r.lyons@_BOGUS_ieee.org (Rick Lyons) wrote...> your post is interesting. I've modeled the > Goertzel algorithm (using the floating-point > precision of MATLAB) and have not seen the > numerical errors that you mention. > > I'm wondering under what condition(s), or > implementation(s), the Goertzel algorithm exhibits > *much* worse numerical errors than FFT computations. > Can I bug you tell us a little more?See: W. M. Gentleman, "An error analysis of Goertzel's (Watt's) method for computing Fourier coefficients," Computer Journal 12 (2), 160-165 (1969). Abstract: Goertzel's method is commonly used when only a small number of coefficients is desired for a given sequence. The paper gives a floating-point error analysis of the technique, and shows why it should be avoided, particularly for low frequencies. His error analysis indicates that Goertzel's method leads to floating point errors that have an upper bound O(N^(5/2)), with the worst case being low frequencies. Compare this to an error bound of O(log N) for the FFT, and mean errors of O(sqrt(log N)). It's perhaps not that surprising -- Goertzel's algorithm does not explicitly compute N twiddle factors exp(ikn/N), but instead contains something very similar to a trigonometric recurrence formula...and the recurrence that it most resembles has horrible O(N^2) relative error growth (both worst case *and* mean). Here are some sample numbers I got from a C implementation of Goertzel's algorithm, compiled with gcc on a Pentium 4 (double precision; code is structured to *not* stay within x86 extended-precision registers). Computing the first 10 bins of a size-N DFT with Goertzel and calculating the maximum relative error w.r.t. an FFT (defined as max |difference| / max |value|) for uniform random inputs, I get: N, relative error 100, 1.2e-14 1000, 9.3e-13 10000, 1.4e-10 100000, 3.3e-8 1000000, 7.7e-7 10000000, 7.1e-5 which is almost exactly N^2 growth in the error. In contrast, the errors accumulated by the naive DFT formula in a similar experiment grow only as ~sqrt(N) as expected, and are still only 1.2e-13 for N=10^7 (but are still worse than the FFT's O(sqrt(log N))). I'd be interested to hear if there were some trick to make Goertzel's algorithm more accurate without sacrificing performance (or if your Matlab code achieves better errors for a similar experiment to the above). Of course, if you use e.g. extended-precision registers on the Pentium, matters will improve somewhat (by a constant factor). Cordially, Steven G. Johnson

Reply by ●September 29, 20042004-09-29

Richard Owlett wrote:> Rick Lyons wrote: > >> ... DFT allows you to compute >> single-bin DFT samples. The nice part is that upon arrival of a new >> time sample, the new single-bin DFT sample can be computed with >> (roughly) a half dozen arithmetic operations. >> > > The question was posed for case of only a few frequencies being of > interest. > > The answer got me musing. > > Having already calculated an m point DFT/FFT for points n thru n+m > > when point n+m+1 arrives > > is there a simple algorithm for calculating DFT/FFT of points n+1 thru > n+m+1? > >Instead of musing I should have looked in Rick's book (sect 13.18) ;]

Reply by ●September 29, 20042004-09-29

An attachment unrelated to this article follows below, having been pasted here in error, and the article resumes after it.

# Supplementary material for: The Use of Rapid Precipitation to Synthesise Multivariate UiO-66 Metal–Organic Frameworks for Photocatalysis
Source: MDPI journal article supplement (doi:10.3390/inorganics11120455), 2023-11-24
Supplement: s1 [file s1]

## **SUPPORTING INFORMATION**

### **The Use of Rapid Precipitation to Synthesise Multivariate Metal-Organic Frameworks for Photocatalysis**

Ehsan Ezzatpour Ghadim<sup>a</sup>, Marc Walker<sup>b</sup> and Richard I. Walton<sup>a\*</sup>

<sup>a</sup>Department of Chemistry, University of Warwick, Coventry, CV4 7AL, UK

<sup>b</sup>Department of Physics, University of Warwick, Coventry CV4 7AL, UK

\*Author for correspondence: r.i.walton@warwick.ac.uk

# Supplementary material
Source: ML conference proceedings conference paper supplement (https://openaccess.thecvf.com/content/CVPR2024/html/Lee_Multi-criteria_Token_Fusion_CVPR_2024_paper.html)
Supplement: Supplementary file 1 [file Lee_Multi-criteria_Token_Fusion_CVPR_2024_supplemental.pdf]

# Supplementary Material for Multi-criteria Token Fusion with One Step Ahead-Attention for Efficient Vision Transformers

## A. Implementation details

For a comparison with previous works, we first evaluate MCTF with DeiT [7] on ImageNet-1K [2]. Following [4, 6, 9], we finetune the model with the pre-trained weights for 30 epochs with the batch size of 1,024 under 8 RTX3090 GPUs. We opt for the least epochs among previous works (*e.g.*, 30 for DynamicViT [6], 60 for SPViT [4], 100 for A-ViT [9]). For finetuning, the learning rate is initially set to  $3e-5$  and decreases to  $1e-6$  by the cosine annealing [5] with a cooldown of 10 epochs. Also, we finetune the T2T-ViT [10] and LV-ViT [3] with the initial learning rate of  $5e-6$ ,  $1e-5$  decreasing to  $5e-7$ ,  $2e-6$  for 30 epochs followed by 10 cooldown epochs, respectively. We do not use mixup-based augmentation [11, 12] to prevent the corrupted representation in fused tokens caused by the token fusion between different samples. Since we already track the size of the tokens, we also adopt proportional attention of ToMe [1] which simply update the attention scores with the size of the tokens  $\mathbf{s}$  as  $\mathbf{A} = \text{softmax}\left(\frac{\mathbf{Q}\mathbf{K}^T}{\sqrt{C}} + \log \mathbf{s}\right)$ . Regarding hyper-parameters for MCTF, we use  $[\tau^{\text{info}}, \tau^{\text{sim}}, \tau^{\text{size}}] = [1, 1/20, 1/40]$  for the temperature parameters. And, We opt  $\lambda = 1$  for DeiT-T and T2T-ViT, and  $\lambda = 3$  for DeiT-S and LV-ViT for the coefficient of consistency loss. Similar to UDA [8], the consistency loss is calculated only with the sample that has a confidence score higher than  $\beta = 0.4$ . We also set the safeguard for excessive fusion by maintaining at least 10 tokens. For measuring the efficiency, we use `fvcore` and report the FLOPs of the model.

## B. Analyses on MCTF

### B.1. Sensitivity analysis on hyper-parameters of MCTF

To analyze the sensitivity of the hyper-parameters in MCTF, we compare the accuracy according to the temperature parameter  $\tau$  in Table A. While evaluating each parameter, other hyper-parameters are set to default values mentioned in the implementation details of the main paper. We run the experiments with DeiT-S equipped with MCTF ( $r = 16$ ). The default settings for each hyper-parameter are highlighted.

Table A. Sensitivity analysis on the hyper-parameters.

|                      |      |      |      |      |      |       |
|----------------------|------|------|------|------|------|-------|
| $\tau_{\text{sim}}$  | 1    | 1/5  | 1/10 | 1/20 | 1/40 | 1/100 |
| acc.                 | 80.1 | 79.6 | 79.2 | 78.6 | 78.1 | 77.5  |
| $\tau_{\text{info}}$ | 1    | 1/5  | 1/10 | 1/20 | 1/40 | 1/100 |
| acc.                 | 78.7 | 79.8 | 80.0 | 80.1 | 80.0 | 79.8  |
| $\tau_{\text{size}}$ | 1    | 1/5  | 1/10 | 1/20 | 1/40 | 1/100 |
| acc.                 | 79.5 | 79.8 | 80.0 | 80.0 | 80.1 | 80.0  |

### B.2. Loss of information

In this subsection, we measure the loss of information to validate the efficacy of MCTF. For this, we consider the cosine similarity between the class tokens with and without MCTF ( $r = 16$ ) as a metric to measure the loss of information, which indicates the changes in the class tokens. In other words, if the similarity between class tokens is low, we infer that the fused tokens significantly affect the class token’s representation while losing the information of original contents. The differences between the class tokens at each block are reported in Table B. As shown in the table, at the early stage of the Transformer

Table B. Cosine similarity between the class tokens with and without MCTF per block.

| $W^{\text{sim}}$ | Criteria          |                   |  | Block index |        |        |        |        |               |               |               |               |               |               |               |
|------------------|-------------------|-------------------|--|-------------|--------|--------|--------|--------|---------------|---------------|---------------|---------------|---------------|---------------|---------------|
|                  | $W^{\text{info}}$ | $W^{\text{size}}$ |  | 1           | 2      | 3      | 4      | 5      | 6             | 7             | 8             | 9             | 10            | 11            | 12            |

Steven, see at the bottom "Steven G. Johnson" <stevenj@alum.mit.edu> wrote in message news:27cfb406.0409281803.69328485@posting.google.com...> r.lyons@_BOGUS_ieee.org (Rick Lyons) wrote... > > your post is interesting. I've modeled the > > Goertzel algorithm (using the floating-point > > precision of MATLAB) and have not seen the > > numerical errors that you mention. > > > > I'm wondering under what condition(s), or > > implementation(s), the Goertzel algorithm exhibits > > *much* worse numerical errors than FFT computations. > > Can I bug you tell us a little more? > > See: > > W. M. Gentleman, "An error analysis of Goertzel's (Watt's) method > for computing Fourier coefficients," Computer Journal 12 (2), > 160-165 (1969). > > Abstract: Goertzel's method is commonly used when only a small > number of coefficients is desired for a given sequence. The > paper gives a floating-point error analysis of the technique, > and shows why it should be avoided, > particularly for low frequencies. > > His error analysis indicates that Goertzel's method leads to floating > point errors that have an upper bound O(N^(5/2)), with the worst case > being low frequencies. Compare this to an error bound of O(log N) for > the FFT, and mean errors of O(sqrt(log N)). > > It's perhaps not that surprising -- Goertzel's algorithm does not > explicitly compute N twiddle factors exp(ikn/N), but instead contains > something very similar to a trigonometric recurrence formula...and the > recurrence that it most resembles has horrible O(N^2) relative error > growth (both worst case *and* mean). > > Here are some sample numbers I got from a C implementation of > Goertzel's algorithm, compiled with gcc on a Pentium 4 (double > precision; code is structured to *not* stay within x86 > extended-precision registers). Computing the first 10 bins of a > size-N DFT with Goertzel and calculating the maximum relative error > w.r.t. an FFT (defined as max |difference| / max |value|) for uniform > random inputs, I get: > > N, relative error > 100, 1.2e-14 > 1000, 9.3e-13 > 10000, 1.4e-10 > 100000, 3.3e-8 > 1000000, 7.7e-7 > 10000000, 7.1e-5 > > which is almost exactly N^2 growth in the error. In contrast, the > errors accumulated by the naive DFT formula in a similar experiment > grow only as ~sqrt(N) as expected, and are still only 1.2e-13 for > N=10^7 (but are still worse than the FFT's O(sqrt(log N))). > > I'd be interested to hear if there were some trick to make Goertzel's > algorithm more accurate without sacrificing performance (or if your > Matlab code achieves better errors for a similar experiment to the > above). Of course, if you use e.g. extended-precision registers on > the Pentium, matters will improve somewhat (by a constant factor). > > Cordially, > Steven G. JohnsonHello Steven, A trick I use for low frequencies that is Goertzel like uses a near quadrature oscillator. The "c" like code is below: It does cost two mults per iter, but like the Goertzel algo, the twiddle factors are also computed on the fly. The advantage of this method is when viewed in matrix form, the condition number for the matrix approaches 1 for low frequencies. Goerzel uses a biquad oscillator which needs to step 90 degrees per sample to achieve the low condition number. The input data is in x[], the data has N samples. And the bin number is w. y1=0; y2=0; k=2*sin(pi*w/N); // not 2 pi !! for (j=0;j<N;j++) { y2=y2-k*y1+x[j]; y1=y1+k*y2; } And the energy is simply E = y1*y1 + y2*y2 - k*y1*y2; I would be interested in how this algo fairs in your comparison tests. Clay S. Turner